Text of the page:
art

Plagiarism, Shia LaBeouf, and the Phenomenal Daniel Clowes

The action or practice of plagiarizing; the wrongful appropriation or purloining, and publication as one’s own, of the ideas, or the expression of the ideas (literary, artistic, musical, mechanical, etc.) of another.  –Definition of plagiarism in The Oxford English Dictionary

Snapshot from LA Times article

For the past month, there has been a brouhaha over the obvious lifting and plagiarizing of a graphic short story by the artist Daniel Clowes. The story, originally anthologized by Zadie Smith in The Book of Other People, features a film critic and titular character named Justin M. Damiano. The story is fascinating especially for those interested in film/arts critique. Actor-turned-filmmaker Shia LaBeouf adapted Clowes’ story for a short film of his own titled Howard Cantour.com. Both are about an internet film critic who  extrapolates on the notion that film critics can make or break a film. Those familiar with Clowes’ original story will be baffled by the verbatim representation in the film, which was not authorized by Clowes and was a shock to both him and his publisher. LaBeouf didn’t seek the rights or acknowledge Clowes and “Justin M. Damiano” at all in the process.

Plagiarism has always been a touchy subject. When it occurs–or even with just a lisping whiff of it–our opinions are usually quite strong, both personally and litigiously. When I was a college student, in my introductory poetry class we were taught about found poetry, which according to poets.org is: found poems take existing texts and refashion them, reorder them, and present them as poems. We were essentially given the green light to steal and when the professor was pressed more on the area of plagiarism to create these word collages, she put on a little grin and her pupils broadened.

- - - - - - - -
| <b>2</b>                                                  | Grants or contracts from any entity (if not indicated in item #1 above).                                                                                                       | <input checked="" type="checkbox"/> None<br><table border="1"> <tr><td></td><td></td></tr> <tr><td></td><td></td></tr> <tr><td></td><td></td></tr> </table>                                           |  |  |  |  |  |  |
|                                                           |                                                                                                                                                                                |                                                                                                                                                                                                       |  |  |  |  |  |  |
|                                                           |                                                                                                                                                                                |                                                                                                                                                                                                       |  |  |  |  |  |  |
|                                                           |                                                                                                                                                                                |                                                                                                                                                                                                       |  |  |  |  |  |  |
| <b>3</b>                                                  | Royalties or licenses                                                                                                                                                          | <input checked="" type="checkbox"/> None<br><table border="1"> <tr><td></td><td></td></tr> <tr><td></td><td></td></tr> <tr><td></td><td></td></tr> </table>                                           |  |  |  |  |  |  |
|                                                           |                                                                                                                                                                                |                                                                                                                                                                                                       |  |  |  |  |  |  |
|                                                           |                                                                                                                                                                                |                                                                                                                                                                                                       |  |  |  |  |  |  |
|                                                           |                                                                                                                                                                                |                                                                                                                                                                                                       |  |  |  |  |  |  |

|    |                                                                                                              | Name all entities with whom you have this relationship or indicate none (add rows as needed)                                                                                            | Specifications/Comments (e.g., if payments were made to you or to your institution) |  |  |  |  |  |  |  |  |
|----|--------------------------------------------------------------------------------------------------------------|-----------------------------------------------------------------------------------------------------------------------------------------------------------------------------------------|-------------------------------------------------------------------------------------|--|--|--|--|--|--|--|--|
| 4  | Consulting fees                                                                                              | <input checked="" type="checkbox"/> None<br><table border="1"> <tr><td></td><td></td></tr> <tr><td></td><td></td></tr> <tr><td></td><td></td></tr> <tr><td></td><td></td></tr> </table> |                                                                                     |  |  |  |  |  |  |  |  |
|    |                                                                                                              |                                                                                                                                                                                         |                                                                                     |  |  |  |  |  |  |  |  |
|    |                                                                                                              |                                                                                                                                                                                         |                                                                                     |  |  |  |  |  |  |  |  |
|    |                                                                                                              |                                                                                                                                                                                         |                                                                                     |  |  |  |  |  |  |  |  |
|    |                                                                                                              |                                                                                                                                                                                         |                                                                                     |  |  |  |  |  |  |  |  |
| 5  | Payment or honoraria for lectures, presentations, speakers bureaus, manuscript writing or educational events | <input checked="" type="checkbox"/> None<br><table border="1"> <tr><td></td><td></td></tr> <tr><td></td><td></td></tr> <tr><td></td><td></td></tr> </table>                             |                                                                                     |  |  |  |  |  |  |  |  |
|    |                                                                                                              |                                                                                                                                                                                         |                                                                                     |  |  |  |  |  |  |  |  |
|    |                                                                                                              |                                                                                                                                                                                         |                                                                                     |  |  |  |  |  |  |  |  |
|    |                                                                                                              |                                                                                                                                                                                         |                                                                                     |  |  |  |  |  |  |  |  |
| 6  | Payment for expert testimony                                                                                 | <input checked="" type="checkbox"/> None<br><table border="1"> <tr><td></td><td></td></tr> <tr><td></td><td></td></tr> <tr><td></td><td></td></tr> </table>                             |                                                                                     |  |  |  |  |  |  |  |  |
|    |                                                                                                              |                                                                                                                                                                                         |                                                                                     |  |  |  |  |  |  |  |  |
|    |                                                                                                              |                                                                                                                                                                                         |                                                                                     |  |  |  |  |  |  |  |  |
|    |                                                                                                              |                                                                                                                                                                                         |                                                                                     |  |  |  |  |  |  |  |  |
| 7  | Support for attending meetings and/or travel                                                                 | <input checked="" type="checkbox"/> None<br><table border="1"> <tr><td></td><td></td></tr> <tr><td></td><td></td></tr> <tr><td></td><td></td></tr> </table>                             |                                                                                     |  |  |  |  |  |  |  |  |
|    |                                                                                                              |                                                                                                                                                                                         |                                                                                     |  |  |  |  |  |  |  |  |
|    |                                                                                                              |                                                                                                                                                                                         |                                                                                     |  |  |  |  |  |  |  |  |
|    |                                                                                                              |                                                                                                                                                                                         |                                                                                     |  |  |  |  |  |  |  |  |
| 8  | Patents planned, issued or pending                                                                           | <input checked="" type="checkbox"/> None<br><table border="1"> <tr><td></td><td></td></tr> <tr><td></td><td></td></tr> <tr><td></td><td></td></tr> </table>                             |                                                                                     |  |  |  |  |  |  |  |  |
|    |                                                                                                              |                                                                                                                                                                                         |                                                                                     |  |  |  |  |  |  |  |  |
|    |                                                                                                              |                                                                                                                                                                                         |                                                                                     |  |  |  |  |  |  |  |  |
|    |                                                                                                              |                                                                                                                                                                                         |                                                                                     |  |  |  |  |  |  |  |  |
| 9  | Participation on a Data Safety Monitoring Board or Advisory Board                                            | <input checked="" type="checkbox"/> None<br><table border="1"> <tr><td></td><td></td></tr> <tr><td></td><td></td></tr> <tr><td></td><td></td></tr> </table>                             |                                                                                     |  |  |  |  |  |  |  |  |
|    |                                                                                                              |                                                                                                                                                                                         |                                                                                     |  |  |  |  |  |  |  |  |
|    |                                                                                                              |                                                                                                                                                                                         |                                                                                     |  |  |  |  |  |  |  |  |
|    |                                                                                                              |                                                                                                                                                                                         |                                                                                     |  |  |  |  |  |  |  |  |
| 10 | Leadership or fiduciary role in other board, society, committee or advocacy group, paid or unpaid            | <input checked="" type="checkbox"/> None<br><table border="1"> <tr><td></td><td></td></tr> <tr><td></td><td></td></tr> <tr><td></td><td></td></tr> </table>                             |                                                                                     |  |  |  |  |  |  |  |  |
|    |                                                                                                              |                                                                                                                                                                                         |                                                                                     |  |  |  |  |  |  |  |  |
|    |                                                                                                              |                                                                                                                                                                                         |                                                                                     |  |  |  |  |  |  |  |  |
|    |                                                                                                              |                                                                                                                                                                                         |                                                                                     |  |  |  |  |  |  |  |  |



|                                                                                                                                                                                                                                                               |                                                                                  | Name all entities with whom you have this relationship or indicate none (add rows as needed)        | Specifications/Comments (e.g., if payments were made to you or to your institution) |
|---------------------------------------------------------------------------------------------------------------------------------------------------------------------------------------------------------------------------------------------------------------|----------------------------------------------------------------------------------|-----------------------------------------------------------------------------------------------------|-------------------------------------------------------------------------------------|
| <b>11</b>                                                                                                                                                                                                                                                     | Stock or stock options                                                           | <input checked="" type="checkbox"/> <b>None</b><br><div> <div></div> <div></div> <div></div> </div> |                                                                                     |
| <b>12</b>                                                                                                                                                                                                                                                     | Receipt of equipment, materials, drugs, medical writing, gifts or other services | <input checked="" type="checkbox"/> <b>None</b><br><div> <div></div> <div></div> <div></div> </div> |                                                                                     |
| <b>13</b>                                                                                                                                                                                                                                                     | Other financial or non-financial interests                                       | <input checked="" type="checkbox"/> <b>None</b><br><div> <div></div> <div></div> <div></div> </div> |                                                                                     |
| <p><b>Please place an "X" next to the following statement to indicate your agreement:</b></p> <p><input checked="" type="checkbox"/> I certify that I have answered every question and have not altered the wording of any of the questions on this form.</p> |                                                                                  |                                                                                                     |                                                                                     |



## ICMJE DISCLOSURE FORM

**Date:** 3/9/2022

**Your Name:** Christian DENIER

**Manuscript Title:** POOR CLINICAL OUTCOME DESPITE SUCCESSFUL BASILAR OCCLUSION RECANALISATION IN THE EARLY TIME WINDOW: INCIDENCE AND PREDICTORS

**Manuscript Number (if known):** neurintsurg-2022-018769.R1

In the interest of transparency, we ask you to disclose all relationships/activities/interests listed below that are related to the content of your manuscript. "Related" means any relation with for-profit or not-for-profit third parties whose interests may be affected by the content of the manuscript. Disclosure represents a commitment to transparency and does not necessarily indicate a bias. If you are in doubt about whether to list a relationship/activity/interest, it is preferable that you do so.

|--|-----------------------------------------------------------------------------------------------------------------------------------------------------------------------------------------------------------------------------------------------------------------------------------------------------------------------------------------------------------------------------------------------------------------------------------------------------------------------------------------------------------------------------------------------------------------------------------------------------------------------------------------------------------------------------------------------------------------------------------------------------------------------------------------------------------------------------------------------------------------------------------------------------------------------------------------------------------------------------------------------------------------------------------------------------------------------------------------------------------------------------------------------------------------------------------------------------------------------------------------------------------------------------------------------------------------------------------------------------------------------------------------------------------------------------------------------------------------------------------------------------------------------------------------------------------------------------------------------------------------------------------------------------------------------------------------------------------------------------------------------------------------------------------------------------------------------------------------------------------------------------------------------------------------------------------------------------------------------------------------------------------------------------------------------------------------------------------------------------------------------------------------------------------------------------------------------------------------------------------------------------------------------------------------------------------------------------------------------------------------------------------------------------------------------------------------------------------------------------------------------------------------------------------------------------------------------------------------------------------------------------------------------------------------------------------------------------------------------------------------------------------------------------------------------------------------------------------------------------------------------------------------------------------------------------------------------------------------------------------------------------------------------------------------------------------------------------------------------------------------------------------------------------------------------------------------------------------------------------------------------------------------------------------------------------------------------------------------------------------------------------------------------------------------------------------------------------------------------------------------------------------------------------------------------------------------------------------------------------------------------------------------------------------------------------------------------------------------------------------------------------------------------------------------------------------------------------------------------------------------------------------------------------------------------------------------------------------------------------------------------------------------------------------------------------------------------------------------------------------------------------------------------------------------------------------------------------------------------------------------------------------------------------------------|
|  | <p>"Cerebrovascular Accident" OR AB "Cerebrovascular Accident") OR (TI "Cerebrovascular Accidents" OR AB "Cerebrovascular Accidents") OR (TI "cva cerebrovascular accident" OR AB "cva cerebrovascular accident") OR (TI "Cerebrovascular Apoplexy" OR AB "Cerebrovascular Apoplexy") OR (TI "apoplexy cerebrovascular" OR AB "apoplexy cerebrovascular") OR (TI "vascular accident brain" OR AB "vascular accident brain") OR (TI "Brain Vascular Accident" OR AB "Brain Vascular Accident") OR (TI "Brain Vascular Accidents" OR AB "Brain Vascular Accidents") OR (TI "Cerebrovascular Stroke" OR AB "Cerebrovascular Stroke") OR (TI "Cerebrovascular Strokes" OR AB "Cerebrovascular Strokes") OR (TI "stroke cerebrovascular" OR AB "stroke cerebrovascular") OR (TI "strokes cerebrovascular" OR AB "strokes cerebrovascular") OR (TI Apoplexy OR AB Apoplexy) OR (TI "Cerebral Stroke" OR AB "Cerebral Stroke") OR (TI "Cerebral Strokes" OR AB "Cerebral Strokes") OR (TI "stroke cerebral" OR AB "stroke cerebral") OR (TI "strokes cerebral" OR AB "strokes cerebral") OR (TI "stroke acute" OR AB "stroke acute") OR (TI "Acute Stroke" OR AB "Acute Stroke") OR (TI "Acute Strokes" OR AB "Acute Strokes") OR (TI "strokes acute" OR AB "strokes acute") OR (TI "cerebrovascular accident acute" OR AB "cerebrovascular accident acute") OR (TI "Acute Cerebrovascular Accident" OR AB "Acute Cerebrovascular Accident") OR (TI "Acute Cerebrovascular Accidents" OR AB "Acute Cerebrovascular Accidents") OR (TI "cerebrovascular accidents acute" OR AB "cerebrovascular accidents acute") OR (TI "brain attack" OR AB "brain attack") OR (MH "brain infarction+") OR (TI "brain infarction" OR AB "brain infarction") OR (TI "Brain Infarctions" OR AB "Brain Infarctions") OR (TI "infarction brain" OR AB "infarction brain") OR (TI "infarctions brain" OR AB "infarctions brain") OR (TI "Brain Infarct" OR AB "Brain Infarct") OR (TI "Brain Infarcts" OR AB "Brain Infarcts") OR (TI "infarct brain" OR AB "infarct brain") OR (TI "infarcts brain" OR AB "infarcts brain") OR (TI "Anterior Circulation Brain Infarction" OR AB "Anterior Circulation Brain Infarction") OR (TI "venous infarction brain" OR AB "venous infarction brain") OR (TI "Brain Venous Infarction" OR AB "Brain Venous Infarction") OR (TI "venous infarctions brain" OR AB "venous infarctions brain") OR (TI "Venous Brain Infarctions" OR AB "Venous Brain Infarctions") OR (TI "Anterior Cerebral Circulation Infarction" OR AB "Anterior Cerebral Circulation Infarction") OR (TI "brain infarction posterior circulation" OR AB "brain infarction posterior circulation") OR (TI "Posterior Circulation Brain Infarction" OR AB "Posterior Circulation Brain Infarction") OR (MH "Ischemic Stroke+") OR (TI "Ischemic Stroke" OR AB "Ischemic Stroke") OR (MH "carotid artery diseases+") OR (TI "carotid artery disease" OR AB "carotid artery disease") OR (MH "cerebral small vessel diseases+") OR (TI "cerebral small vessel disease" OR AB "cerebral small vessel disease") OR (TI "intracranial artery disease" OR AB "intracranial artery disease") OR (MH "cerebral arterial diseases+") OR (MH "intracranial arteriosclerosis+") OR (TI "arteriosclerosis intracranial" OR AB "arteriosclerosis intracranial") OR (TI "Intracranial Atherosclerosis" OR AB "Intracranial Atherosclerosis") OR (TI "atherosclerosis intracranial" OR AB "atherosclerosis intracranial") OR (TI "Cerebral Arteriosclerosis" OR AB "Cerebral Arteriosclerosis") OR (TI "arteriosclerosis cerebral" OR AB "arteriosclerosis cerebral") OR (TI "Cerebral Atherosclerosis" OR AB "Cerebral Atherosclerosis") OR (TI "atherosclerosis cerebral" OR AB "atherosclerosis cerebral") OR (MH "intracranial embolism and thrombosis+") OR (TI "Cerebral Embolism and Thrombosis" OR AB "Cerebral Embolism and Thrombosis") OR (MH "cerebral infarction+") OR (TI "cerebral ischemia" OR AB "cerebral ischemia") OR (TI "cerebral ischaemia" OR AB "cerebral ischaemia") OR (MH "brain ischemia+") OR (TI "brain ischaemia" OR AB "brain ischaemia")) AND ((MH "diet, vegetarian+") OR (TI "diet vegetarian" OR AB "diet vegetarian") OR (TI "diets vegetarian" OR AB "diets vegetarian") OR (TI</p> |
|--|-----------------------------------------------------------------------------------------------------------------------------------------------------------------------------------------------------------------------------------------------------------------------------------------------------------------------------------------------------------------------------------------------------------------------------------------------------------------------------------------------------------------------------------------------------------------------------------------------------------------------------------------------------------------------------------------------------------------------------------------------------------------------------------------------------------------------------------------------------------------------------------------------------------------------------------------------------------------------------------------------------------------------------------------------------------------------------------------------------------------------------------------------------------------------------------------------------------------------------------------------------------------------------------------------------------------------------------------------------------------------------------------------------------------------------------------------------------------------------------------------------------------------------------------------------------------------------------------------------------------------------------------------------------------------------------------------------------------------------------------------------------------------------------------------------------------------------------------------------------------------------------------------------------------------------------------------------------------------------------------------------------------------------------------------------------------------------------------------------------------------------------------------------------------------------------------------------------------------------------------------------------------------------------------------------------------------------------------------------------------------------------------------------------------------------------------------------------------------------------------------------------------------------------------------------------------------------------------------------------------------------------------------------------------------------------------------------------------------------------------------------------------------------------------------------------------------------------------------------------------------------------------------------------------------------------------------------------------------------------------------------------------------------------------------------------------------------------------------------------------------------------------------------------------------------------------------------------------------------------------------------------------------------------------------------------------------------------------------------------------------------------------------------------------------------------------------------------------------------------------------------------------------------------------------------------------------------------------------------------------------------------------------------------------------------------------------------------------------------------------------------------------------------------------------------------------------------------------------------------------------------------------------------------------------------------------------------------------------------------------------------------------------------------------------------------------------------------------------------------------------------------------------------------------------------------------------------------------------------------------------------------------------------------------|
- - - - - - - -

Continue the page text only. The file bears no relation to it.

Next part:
I suppose the difference between what Shia LaBeouf did and a room full of nineteen-year-old undergrads did lies with the idea of creating something new out of re-purposing. LaBeouf blatantly stole from Daniel Clowes; he was only inspired by him enough to take his story and photocopy it into a new medium.

In the above image, Marcel Duchamp takes the Mona Lisa and adds a bit of a spin to the sixteenth century canvas. This 1919 work was different from his other readymades, but he still transformed a piece of art into something else, adding a commentary and attitude. We all remember that iconic image of Barack Obama by the artist Shepard Fairey. The Associated Press got all hot and bothered because the original photo that Fairey used was not his own–it was taken by a photographer that was on assignment for the AP. The original photographer claimed he held the copyright and enjoyed Fairey’s transformation of the image. Fairey’s main defense was that his own visual had been completely transformed from the original, making it something wholly different (which falls in the realm of fair use exemption).